3.4 Final accounts
3.4 Final accounts
Stakeholders and accounting information
Government and tax authorities
Investors and potential investors in business
Limitations of accounting information to stakeholders
One set of accounts is of limited use
Accounts do not measure items which cannot be expressed in monetary terms
The accounts of one business do not aloow for comparisons
Business accounts will only publish the minimum information required by law
Accounts are historic
Recording revenue expenditure as capital expenditure. Revenue expenditure like rent, is payable in the present year. Capital expenditure, e.g. spending on machinery, can be spread over several years through the process of depreciation.
Selling assets just before the end of the financial year to make it appear that the business is more liquid than it is. For example, sale and leaseback where a company sells some property but rents it back.
3.Encouraging early debt payments by offering discounts before the end of the financial year, whilst delaying payment to creditors, to improve liquidity.
Loans may be taken out just before the date of the accounts to improve the liquiity position, but may be repaid a few days later.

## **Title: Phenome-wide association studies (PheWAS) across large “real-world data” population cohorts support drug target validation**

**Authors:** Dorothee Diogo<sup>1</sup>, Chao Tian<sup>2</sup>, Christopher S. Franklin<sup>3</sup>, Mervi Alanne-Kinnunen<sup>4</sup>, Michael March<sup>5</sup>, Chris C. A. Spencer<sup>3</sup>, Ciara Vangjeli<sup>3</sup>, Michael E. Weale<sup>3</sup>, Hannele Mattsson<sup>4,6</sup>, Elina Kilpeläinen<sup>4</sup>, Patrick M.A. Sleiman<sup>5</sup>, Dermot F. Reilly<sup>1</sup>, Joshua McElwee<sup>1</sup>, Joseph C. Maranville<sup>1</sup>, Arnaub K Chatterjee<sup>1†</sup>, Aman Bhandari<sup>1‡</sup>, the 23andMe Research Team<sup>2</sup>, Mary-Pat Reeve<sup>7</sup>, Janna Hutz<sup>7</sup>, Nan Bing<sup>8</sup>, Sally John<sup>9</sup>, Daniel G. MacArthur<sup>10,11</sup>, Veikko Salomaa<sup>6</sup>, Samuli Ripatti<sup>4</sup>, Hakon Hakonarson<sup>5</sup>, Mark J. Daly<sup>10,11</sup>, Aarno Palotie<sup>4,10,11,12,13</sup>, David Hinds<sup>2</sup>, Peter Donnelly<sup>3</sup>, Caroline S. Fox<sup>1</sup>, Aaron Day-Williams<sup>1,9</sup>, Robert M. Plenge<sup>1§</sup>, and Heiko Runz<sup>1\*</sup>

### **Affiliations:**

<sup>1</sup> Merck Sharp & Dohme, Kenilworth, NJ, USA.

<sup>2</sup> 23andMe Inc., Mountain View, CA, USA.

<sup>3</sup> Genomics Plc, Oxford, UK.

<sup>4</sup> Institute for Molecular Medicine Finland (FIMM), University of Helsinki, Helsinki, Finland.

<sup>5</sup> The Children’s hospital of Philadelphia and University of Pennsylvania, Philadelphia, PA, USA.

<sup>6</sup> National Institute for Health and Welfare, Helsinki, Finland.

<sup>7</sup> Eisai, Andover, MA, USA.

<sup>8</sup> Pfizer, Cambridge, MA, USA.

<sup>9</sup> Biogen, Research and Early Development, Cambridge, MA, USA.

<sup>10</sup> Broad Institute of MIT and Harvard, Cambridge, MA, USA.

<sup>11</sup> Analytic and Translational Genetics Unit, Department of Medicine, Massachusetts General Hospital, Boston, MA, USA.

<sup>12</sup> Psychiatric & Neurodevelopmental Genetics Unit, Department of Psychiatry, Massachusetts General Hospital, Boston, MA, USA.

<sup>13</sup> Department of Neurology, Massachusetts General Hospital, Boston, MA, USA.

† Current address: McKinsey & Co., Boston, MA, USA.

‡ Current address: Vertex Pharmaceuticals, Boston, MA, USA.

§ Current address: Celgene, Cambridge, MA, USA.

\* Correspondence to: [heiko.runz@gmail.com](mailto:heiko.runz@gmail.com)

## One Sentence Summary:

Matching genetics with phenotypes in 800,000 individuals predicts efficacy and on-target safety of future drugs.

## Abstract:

Inflating the value of intangible assets, such as brand namees and patents owned by the business.
The principles and ethics of accounting practice
professional competence and due care
The main business accounts
Recent layout changes
The profit and loss account - income statement or statement of comprehensive income
3 sections of a profit and loss account
this shows how
(or loss) has been made from the trading activities of the business. Not all sales are for cash in most businesses, the
figure is not the same as cash received by the business.
Profit and loss section
This section of the profit and loss account calcuates both the
profit before tax
of the business.
This final section of the profit and loss account (which is not always shown in published accounts) show how the profits after tax of the business are distributed between the owners - in the forms of dividends to company shareholders - and as
- equal to sales revenue less cost of sales
sales revenue (or sales turnover)
- the total value of sales made during the trading period = selling price x quantity sold
operating profit (net profit or profit before interest and taxation
- gross profit minus overhead expenses
profit after tax
- operating profit minus interest costs and corporation tax
- the share of the profits paid to shareholders as a return for investing in the company
- the profit left after all deductions, including dividends, have been made; this is 'ploughed back' into the company as a source of finance